Conference Proceedings

Form, Content, and Space: Methodological Challenges in the Study of Medieval and Early Modern European Graffiti



Scholars of various disciplines have focused their attention on European Medieval and Early Modern graffiti during the last decade, thus confirming and reinforcing the value of this peculiar written evidence. Their contributions demonstrate that graffiti can offer valuable information to different fields of study (e.g. shipbuilding, palaeography, history, social culture, and visual culture) through a glimpse into past daily life. Due to their nature, graffiti present a completely free graphic expression, which may appear in either textual or pictorial forms, or both. This characteristic makes their study rather challenging due to the two different mechanisms of communication they employ. In the case of textual graffiti, the content is transmitted through linguistic codification, while pictorial graffiti require a decoding process that is more complex and articulated. The first challenge, though, is to find a way to record and compare both evidence on the same graphic and verbal levels.  Furthermore, as for any other epigraphic evidence, the graffiti analysis must take into account the writing surfaces and the context, two elements that are fundamental for the final interpretation of this source. This paper will address these methodological issues concerning the preliminary phase of graffiti documentation and classification/cataloguing. The starting point has been the recent debate and application of FAIR data principles in the field of Humanities, which aim to create quality data, easily exchanged in a digital environment, fostering knowledge in the field. Since this approach has not yet been applied to graffiti studies, the paper aims to stimulate a dialogue on innovative and objective methodological approaches within the researchers’ community.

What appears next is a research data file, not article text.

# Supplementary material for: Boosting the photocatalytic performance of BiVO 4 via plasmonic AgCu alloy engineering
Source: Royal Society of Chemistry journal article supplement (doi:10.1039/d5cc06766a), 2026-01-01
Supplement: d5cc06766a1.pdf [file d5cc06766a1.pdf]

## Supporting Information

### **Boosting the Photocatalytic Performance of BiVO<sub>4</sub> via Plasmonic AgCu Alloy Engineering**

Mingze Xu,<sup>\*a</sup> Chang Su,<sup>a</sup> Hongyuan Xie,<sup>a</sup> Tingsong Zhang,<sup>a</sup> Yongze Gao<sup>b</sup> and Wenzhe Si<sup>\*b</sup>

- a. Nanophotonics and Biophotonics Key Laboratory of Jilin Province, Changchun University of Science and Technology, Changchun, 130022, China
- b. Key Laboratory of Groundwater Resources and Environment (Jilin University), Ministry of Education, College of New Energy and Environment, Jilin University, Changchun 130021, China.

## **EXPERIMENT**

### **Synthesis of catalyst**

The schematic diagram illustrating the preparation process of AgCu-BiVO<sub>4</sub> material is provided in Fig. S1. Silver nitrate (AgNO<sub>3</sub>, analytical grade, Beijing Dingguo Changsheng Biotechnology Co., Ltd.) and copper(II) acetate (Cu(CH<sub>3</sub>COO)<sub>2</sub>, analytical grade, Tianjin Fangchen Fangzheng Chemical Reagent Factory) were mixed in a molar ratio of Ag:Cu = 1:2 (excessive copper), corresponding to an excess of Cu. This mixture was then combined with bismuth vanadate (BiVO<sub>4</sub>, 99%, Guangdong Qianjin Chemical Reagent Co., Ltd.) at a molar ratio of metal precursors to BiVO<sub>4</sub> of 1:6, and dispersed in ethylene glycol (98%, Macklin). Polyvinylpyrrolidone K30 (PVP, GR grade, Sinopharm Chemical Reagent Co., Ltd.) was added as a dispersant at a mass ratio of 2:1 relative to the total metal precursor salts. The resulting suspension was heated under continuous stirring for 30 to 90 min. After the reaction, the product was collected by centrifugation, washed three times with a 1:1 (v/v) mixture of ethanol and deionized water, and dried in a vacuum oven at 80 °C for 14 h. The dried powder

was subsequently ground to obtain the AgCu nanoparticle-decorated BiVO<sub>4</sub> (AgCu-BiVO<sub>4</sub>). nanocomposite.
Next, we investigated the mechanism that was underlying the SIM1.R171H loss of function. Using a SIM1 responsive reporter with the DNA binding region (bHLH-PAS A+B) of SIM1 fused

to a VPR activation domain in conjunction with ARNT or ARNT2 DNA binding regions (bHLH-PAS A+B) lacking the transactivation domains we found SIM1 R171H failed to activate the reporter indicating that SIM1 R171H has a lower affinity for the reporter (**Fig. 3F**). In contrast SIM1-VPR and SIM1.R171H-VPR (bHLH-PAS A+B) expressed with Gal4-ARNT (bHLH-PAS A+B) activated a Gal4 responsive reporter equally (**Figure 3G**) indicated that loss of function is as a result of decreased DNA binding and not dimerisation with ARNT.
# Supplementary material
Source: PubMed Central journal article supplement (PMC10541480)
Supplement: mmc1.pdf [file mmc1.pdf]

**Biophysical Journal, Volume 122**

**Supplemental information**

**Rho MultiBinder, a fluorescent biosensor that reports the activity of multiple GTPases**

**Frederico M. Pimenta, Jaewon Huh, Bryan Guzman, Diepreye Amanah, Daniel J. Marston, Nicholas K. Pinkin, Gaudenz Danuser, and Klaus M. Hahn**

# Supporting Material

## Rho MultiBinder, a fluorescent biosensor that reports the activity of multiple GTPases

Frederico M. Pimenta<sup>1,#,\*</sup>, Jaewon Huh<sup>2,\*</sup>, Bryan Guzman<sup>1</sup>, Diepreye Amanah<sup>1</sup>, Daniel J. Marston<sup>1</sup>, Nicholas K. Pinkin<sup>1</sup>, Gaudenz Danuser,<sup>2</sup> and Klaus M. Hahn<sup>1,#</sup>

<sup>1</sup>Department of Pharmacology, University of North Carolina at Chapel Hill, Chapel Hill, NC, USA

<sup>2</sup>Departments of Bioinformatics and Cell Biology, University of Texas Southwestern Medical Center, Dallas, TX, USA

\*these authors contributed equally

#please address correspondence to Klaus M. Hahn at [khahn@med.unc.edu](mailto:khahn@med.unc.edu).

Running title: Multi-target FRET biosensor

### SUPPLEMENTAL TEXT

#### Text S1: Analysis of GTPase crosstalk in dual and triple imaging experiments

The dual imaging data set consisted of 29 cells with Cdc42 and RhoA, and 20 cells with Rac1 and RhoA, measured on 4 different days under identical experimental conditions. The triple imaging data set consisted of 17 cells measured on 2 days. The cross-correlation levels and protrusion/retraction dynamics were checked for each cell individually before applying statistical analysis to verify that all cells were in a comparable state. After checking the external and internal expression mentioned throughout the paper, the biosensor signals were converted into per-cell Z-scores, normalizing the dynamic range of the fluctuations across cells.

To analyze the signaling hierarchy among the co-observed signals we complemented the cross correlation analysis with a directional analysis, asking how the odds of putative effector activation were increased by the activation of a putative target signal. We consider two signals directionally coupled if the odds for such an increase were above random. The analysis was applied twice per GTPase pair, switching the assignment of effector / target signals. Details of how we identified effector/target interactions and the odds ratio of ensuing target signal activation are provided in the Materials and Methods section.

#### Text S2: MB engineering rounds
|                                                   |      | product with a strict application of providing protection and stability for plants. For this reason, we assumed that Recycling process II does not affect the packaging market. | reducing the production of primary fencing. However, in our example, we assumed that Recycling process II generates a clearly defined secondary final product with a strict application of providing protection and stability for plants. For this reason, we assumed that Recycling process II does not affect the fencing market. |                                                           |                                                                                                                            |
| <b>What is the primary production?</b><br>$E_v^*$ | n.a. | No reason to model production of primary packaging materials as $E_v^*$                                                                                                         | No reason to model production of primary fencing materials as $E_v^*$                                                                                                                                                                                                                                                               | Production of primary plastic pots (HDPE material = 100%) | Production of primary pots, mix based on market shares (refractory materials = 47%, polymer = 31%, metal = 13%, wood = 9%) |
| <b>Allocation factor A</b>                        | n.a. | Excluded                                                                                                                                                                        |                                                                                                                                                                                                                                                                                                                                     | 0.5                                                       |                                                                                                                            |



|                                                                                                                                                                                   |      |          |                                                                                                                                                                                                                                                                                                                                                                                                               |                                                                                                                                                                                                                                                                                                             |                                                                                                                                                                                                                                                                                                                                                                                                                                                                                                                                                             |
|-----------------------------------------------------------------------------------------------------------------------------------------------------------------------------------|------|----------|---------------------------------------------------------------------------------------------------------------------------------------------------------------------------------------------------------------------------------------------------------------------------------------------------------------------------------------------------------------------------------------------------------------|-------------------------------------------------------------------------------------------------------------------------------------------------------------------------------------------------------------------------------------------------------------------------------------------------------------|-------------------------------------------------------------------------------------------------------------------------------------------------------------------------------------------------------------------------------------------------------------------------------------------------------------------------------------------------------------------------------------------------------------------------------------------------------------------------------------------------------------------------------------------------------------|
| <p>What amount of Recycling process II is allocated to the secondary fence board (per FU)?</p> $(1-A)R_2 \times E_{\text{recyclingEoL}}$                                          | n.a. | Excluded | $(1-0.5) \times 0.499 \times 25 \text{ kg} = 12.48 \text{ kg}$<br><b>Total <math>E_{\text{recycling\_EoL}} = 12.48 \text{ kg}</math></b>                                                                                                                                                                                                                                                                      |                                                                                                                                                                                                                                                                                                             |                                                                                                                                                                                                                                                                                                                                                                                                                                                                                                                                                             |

Keywords: Graffiti, Early Medieval, Europe

How to Cite: Trentin, M. G. (2021) “Form, Content, and Space: Methodological Challenges in the Study of Medieval and Early Modern European Graffiti”, Papers from the Institute of Archaeology. 31(1). doi: